An important objection to political liberalism is that it provides no means by which to decide conflicts between public and non-public reasons. This article develops John Rawls’s idea of "reasoning from conjecture" as one way to argue for a commitment to public reason. Reasoning from conjecture is a form of nonpublic justification that allows political liberals to reason from within the comprehensive views of at least some unreasonable citizens. After laying out the basic features of this form of nonpublic justification, this article responds to three objections based on concerns about insincerity, cultural imperialism, and the epistemic authority of those who reason from conjecture.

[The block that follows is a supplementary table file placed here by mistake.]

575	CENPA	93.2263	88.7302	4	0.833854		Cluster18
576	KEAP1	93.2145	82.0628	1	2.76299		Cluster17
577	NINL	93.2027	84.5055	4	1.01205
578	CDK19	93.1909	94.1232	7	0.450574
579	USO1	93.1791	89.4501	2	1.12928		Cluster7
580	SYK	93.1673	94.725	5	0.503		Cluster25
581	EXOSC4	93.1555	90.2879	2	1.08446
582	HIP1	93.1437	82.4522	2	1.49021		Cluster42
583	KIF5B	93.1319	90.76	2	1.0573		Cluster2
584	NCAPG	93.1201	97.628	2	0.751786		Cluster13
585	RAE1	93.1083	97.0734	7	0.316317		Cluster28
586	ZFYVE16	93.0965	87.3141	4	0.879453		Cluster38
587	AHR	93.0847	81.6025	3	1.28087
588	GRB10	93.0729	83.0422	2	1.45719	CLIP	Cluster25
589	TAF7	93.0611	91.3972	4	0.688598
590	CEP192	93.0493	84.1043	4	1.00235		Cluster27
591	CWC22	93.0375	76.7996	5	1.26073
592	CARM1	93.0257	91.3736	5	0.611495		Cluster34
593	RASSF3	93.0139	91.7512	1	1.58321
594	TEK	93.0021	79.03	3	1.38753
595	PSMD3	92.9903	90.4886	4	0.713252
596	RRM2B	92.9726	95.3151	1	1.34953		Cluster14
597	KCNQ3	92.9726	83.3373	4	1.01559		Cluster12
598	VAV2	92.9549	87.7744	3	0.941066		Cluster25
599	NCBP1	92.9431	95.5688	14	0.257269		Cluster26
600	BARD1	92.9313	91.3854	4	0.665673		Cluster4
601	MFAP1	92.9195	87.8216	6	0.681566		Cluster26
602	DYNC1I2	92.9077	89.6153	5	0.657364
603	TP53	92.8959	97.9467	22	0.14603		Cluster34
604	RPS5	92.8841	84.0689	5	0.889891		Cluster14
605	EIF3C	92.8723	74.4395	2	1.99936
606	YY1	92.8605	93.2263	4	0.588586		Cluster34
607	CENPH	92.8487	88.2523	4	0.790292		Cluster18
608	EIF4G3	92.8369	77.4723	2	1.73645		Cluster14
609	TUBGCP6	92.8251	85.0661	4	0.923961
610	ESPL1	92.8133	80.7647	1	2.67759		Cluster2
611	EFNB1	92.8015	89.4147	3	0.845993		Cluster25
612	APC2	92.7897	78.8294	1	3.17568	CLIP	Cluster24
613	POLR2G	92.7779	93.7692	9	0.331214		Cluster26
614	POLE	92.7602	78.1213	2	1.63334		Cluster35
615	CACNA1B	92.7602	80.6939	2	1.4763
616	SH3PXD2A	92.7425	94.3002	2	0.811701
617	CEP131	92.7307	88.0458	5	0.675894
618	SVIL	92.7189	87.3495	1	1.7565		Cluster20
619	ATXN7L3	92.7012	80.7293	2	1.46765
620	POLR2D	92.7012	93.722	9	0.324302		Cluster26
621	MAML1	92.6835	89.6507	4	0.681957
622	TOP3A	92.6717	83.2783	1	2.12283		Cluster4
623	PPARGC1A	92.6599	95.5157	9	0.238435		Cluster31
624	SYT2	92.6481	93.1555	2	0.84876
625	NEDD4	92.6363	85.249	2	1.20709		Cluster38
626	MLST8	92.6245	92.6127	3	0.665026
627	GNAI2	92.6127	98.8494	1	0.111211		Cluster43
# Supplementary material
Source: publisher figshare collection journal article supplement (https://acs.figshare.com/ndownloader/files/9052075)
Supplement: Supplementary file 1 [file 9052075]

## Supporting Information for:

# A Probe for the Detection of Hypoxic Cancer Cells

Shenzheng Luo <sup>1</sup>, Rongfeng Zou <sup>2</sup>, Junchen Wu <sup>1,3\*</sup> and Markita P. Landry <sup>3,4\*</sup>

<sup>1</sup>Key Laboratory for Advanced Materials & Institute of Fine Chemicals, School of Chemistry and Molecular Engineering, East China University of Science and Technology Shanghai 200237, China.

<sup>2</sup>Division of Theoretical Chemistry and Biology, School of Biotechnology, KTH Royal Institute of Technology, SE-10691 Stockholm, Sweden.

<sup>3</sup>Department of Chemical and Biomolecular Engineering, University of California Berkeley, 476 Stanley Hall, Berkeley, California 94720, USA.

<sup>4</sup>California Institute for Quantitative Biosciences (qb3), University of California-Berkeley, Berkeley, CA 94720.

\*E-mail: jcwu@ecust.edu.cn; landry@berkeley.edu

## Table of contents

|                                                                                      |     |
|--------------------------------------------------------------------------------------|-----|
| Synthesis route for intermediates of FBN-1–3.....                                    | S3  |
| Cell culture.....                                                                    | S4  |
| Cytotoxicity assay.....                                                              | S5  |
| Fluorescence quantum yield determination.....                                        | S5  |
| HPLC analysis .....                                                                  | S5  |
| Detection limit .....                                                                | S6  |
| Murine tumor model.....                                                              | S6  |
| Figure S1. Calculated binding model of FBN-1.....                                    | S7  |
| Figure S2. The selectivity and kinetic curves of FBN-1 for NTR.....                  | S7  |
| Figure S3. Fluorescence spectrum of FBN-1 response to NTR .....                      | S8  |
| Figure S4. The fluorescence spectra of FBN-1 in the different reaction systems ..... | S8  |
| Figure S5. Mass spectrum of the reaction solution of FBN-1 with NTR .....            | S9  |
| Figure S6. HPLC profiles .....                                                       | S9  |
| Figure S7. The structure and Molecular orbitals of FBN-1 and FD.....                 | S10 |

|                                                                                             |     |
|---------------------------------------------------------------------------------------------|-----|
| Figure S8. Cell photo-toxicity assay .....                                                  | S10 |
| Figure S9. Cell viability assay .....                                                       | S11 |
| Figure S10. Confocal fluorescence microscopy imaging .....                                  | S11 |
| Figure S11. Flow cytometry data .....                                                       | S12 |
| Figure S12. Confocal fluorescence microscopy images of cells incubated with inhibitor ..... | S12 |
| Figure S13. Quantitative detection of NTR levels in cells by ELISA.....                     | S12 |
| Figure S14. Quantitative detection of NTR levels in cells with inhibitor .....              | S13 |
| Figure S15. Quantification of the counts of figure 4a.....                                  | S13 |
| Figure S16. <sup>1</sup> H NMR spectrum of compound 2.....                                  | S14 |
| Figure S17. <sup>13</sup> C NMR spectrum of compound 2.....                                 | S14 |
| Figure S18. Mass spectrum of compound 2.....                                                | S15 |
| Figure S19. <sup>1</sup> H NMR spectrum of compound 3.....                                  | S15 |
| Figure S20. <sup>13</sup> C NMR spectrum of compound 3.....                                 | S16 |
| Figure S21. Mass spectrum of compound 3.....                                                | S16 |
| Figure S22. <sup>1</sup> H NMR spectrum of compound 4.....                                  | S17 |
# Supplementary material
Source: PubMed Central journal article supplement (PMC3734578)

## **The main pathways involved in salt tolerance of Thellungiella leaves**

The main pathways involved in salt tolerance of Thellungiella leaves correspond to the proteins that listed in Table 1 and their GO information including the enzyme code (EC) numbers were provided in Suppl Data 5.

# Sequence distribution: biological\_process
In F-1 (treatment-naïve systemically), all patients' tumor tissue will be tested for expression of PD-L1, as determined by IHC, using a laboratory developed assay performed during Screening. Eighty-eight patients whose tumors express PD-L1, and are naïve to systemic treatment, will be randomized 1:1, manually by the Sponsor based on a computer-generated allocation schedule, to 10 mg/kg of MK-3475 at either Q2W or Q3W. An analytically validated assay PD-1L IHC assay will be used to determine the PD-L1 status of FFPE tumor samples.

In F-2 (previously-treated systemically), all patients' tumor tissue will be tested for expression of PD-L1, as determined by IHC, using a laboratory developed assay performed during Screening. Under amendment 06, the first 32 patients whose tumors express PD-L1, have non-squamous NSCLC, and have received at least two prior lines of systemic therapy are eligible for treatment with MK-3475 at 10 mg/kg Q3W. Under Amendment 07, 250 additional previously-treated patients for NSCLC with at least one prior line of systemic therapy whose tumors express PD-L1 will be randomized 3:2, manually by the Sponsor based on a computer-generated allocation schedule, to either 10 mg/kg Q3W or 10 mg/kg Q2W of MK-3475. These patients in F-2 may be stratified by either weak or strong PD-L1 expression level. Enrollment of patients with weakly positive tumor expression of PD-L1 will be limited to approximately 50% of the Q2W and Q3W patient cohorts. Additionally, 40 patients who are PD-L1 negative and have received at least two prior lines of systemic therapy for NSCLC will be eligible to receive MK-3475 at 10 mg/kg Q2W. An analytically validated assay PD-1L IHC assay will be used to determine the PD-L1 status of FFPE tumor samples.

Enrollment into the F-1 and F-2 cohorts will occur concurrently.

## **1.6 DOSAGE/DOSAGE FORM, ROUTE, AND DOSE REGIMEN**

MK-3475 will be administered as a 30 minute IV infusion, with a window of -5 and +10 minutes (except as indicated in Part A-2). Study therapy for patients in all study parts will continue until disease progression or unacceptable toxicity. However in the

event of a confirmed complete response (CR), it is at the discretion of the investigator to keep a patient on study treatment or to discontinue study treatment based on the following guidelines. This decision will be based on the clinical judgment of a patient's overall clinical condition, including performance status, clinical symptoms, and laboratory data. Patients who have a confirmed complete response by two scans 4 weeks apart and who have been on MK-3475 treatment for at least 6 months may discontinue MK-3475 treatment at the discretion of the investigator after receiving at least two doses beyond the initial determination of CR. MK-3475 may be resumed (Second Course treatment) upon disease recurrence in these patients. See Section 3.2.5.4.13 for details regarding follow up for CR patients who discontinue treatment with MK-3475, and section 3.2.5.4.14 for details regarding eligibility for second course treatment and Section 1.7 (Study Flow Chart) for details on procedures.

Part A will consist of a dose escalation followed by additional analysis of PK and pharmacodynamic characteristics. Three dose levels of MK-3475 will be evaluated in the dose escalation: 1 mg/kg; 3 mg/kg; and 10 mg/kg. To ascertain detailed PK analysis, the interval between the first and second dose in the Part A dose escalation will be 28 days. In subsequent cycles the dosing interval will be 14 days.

Micah J. Schwartzman, The Ethics of Reasoning from Conjecture, 9 Journal of Moral Philosophy 521–54 (2012).